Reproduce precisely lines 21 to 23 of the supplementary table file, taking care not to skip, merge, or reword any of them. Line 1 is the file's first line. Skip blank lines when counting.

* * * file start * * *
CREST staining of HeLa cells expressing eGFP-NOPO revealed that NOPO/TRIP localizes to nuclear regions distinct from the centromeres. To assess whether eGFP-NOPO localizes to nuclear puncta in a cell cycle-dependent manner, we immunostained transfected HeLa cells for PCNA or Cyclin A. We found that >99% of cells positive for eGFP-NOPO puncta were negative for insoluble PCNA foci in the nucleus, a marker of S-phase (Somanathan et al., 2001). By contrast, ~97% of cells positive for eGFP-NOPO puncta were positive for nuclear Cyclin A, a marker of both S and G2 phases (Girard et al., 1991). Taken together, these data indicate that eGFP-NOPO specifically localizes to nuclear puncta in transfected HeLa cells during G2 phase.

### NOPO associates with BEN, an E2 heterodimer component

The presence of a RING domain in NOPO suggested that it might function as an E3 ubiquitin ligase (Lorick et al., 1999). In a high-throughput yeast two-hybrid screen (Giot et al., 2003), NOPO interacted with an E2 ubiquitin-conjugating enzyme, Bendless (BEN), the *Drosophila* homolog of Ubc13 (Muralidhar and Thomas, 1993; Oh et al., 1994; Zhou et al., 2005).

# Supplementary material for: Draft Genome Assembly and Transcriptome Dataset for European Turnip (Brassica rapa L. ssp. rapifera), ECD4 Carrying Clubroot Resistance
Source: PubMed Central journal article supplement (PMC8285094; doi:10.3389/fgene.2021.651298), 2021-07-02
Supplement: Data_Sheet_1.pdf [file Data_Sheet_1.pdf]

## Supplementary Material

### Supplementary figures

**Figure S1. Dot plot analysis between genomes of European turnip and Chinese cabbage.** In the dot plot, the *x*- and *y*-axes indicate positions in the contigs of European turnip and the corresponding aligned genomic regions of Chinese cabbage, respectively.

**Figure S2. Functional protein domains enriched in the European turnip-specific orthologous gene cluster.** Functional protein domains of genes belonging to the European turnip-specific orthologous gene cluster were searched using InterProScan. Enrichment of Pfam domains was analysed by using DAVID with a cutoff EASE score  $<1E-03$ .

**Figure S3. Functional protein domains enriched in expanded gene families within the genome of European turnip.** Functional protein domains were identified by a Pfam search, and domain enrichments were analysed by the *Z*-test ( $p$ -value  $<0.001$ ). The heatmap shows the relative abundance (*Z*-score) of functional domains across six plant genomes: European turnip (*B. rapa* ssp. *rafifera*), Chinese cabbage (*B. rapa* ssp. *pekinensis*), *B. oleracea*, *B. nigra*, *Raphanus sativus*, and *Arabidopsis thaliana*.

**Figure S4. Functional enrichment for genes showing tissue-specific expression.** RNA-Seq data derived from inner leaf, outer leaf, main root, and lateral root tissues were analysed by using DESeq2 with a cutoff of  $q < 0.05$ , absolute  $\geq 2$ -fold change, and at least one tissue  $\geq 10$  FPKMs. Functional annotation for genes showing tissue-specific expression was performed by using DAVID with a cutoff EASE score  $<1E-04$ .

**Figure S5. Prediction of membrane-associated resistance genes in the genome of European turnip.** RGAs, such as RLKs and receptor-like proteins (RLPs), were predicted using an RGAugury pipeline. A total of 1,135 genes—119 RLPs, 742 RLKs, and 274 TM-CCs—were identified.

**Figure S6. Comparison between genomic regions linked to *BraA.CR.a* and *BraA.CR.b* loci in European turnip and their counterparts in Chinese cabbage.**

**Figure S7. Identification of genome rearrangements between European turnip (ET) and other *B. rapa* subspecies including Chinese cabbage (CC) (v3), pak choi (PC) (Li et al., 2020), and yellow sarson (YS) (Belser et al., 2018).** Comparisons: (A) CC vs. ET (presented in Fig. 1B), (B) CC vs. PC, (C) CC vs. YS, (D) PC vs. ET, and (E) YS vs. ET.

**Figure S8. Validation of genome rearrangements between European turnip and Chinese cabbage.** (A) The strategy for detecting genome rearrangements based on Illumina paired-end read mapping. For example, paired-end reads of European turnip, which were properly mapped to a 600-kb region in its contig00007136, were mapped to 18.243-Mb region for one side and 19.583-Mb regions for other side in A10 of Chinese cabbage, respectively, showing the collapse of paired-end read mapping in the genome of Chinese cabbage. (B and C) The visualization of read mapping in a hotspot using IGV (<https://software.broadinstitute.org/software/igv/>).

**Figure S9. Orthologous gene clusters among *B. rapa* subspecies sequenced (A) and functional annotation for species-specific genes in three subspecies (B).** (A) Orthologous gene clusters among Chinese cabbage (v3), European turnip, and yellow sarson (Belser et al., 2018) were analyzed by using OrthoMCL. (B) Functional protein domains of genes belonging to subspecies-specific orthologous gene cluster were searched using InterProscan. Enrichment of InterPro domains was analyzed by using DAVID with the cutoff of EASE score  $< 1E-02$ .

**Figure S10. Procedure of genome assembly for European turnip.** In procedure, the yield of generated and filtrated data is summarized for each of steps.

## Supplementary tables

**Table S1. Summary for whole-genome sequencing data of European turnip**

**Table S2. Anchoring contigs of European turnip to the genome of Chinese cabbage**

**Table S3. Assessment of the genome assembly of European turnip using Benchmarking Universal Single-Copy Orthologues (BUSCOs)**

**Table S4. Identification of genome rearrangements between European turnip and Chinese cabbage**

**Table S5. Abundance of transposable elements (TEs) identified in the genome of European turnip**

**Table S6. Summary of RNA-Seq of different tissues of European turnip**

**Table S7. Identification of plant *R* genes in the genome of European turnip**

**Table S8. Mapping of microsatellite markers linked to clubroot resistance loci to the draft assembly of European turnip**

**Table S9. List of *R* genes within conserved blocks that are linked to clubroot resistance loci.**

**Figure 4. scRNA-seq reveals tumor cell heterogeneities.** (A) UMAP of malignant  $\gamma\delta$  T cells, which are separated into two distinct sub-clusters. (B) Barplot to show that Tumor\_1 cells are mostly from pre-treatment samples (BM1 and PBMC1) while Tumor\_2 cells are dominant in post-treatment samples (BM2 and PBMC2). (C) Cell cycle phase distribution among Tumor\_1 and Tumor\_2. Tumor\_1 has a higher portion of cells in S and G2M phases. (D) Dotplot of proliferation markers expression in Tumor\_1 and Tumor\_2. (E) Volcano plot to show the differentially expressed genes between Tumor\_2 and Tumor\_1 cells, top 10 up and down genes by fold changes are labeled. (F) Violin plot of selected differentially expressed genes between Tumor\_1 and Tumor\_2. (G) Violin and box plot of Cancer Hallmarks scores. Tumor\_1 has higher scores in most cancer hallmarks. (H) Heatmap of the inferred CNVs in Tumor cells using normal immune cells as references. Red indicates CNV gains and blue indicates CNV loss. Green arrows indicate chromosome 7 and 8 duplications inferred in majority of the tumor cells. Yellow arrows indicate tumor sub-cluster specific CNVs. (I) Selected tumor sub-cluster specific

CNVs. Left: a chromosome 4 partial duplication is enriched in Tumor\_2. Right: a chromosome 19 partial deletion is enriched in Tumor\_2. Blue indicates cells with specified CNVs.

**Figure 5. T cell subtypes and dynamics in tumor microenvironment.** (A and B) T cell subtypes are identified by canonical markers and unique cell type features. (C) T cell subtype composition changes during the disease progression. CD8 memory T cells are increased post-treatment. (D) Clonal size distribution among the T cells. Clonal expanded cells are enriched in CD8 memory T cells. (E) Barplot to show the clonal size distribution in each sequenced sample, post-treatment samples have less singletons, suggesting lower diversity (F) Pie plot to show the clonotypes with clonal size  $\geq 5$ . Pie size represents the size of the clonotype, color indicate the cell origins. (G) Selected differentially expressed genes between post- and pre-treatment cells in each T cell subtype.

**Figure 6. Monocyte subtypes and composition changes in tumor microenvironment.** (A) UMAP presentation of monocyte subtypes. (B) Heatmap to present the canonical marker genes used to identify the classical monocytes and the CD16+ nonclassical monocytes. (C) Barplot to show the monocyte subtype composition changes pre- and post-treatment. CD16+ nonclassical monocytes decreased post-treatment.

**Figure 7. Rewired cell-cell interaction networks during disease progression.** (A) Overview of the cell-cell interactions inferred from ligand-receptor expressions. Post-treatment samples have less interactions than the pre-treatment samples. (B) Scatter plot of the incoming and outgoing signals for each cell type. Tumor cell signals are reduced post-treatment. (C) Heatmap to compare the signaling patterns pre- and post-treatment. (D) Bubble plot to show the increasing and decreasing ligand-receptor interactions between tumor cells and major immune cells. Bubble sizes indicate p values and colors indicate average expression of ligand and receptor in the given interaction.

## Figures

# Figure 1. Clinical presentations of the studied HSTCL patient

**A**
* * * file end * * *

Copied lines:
**Table S2. Anchoring contigs of European turnip to the genome of Chinese cabbage**

**Table S3. Assessment of the genome assembly of European turnip using Benchmarking Universal Single-Copy Orthologues (BUSCOs)**

**Table S4. Identification of genome rearrangements between European turnip and Chinese cabbage**